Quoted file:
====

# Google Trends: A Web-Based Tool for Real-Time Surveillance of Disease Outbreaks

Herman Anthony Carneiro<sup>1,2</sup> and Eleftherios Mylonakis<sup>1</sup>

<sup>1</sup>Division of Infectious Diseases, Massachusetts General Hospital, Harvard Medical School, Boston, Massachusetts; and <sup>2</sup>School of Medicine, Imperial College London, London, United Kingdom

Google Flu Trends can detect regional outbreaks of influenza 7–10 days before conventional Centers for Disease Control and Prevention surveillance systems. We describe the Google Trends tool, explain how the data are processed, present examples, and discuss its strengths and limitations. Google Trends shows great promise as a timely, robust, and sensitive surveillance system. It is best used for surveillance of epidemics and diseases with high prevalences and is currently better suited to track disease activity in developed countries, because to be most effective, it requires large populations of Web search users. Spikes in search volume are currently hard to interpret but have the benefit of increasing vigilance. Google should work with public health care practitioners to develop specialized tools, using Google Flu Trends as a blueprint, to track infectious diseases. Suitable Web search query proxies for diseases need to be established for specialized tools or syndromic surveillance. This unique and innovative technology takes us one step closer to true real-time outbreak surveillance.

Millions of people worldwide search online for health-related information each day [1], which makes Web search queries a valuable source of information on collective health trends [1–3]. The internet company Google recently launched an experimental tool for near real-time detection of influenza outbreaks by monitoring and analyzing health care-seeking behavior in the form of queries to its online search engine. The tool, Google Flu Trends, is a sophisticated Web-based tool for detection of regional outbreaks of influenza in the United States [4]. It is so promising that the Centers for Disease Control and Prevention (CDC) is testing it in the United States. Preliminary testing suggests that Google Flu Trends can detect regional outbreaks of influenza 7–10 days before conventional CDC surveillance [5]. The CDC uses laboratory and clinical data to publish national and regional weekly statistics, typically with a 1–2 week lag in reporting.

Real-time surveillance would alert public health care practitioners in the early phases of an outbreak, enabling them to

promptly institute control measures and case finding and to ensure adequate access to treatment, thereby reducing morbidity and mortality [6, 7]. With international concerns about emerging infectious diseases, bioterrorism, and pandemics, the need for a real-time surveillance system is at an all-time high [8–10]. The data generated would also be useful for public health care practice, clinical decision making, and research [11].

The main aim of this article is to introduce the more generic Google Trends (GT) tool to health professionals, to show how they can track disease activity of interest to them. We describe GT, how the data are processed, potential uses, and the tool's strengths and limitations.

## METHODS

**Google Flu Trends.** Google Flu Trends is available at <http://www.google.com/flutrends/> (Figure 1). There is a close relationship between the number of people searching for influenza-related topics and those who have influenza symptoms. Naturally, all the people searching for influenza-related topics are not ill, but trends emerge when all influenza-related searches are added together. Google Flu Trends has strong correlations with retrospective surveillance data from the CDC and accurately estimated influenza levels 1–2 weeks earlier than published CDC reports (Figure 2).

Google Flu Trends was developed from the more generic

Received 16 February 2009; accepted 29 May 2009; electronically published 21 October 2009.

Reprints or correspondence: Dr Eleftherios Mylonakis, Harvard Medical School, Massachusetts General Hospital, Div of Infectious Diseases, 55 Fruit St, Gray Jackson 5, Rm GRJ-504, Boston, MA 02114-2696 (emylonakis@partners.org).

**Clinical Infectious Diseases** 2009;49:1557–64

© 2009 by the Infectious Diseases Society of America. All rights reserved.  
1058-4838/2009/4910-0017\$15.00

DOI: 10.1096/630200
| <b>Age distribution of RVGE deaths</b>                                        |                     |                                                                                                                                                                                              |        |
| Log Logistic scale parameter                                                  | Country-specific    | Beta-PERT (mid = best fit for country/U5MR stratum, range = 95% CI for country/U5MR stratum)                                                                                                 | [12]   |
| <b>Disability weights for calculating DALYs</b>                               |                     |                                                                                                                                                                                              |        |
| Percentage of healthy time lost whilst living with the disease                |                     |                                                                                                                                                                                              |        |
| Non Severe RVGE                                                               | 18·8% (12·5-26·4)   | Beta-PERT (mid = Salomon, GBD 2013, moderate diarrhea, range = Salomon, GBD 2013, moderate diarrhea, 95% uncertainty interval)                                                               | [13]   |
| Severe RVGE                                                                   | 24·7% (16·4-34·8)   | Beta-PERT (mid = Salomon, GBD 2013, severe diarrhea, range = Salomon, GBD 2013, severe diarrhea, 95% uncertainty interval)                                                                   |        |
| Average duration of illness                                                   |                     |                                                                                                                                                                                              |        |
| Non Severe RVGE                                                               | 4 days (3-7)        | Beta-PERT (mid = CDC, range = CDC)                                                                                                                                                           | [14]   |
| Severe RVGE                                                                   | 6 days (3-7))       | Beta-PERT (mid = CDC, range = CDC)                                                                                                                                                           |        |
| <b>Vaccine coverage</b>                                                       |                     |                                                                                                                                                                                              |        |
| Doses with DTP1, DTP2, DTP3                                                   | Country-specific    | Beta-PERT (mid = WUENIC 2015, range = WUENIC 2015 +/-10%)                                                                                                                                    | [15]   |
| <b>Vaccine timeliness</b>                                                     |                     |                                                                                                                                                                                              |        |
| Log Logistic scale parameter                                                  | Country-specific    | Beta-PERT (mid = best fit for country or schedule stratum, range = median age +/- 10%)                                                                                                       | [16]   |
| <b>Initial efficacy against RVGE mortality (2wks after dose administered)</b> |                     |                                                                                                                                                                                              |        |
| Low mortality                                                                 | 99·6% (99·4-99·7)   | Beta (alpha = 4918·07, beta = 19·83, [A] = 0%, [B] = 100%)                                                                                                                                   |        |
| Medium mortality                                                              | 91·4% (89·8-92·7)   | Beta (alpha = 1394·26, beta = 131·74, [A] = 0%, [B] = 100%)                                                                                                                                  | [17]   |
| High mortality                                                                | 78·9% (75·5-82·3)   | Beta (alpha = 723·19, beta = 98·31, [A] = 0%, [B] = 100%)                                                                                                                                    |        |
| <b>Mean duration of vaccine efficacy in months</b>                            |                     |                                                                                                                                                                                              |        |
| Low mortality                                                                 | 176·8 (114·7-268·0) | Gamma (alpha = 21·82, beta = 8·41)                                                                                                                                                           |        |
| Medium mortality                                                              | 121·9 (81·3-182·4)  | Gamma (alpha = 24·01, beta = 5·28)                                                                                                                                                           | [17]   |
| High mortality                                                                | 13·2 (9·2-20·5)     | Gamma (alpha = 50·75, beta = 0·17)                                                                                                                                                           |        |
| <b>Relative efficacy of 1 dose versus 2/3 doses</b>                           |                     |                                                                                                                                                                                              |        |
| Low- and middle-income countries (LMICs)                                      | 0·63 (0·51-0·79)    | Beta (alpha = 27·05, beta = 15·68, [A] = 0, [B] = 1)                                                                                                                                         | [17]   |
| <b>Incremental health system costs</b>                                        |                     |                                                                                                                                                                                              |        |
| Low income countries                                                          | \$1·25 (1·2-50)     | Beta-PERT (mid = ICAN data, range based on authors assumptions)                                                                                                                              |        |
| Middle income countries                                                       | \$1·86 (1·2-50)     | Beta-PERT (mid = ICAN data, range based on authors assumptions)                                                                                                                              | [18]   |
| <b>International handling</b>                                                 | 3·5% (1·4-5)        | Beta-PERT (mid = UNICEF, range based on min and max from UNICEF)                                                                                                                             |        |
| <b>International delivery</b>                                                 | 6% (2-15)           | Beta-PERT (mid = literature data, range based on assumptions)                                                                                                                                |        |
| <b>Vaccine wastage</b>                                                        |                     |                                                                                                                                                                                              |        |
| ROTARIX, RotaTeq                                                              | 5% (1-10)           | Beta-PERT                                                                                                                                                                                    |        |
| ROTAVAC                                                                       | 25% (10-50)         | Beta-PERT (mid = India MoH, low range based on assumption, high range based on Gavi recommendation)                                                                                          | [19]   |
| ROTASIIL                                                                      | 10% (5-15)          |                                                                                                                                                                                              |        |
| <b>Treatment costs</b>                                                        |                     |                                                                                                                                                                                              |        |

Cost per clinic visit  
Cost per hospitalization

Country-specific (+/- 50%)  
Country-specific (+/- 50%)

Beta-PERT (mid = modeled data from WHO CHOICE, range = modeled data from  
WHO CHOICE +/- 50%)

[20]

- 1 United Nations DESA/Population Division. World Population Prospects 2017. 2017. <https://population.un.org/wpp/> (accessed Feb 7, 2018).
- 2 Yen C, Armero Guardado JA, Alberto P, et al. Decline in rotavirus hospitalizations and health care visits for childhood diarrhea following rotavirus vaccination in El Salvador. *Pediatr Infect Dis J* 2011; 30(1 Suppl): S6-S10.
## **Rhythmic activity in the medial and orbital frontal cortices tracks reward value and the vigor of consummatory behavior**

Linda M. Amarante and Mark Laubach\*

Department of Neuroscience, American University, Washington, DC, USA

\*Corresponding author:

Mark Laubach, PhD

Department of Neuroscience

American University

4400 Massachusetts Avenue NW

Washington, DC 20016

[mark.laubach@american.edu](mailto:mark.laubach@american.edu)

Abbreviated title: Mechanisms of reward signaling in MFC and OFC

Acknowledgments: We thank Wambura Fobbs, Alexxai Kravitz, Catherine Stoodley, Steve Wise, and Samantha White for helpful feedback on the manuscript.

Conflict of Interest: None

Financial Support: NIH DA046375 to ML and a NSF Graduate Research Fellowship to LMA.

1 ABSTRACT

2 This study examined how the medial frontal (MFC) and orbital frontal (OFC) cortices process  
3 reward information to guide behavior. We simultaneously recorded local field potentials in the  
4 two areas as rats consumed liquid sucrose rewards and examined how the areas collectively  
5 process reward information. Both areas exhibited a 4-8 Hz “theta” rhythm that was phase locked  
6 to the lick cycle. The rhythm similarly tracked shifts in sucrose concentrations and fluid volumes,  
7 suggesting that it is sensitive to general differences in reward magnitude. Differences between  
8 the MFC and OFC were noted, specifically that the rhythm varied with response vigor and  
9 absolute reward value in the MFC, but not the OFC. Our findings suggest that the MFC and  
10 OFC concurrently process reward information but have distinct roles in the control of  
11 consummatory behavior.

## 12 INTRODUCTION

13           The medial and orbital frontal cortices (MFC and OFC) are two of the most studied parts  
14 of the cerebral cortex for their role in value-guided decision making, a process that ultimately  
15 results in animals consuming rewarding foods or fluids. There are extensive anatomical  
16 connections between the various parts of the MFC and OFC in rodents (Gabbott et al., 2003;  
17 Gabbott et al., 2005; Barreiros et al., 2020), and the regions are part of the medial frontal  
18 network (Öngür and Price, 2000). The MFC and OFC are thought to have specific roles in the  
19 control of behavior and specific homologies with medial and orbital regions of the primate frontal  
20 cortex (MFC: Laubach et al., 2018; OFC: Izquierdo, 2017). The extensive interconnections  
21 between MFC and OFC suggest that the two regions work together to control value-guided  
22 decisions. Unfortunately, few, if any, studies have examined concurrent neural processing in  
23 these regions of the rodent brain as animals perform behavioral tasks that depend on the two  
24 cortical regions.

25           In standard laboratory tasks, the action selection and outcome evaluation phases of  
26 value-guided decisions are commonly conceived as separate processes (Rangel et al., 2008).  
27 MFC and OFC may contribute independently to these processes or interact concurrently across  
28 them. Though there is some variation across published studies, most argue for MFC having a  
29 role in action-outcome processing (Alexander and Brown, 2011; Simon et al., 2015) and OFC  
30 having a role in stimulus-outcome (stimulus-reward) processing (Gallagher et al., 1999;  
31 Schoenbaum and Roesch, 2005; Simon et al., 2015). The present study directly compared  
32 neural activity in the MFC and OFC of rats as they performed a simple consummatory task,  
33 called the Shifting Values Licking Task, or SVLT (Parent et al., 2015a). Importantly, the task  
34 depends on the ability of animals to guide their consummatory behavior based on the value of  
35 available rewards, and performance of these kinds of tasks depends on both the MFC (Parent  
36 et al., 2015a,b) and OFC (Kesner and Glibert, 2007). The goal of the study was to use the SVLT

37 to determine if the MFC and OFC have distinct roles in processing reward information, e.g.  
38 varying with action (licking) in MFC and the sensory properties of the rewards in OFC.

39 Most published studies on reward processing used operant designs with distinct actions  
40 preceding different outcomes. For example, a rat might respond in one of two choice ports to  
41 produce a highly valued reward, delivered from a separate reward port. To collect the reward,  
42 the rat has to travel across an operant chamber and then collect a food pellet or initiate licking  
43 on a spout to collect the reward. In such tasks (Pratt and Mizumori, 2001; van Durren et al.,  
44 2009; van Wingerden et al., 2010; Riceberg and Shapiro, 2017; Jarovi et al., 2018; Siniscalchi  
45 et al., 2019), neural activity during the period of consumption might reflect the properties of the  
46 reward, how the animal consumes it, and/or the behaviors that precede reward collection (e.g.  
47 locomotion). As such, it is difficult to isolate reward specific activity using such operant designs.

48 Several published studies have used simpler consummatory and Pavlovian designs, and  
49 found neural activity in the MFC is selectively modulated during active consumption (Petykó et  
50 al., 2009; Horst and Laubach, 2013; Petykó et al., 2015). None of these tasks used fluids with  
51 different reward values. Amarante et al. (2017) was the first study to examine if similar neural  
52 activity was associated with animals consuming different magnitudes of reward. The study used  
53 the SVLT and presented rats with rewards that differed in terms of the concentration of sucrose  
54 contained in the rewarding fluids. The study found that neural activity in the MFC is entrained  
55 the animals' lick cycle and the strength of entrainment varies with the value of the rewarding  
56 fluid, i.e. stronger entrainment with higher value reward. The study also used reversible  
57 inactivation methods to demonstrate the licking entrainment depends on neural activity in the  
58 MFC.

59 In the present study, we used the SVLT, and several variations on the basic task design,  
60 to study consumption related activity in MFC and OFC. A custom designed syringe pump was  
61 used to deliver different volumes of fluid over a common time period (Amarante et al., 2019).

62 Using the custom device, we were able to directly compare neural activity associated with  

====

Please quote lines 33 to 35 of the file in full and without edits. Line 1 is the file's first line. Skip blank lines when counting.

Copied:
| Medium mortality                                                              | 91·4% (89·8-92·7)   | Beta (alpha = 1394·26, beta = 131·74, [A] = 0%, [B] = 100%)                                                                                                                                  | [17]   |
| High mortality                                                                | 78·9% (75·5-82·3)   | Beta (alpha = 723·19, beta = 98·31, [A] = 0%, [B] = 100%)                                                                                                                                    |        |
| <b>Mean duration of vaccine efficacy in months</b>                            |                     |                                                                                                                                                                                              |        |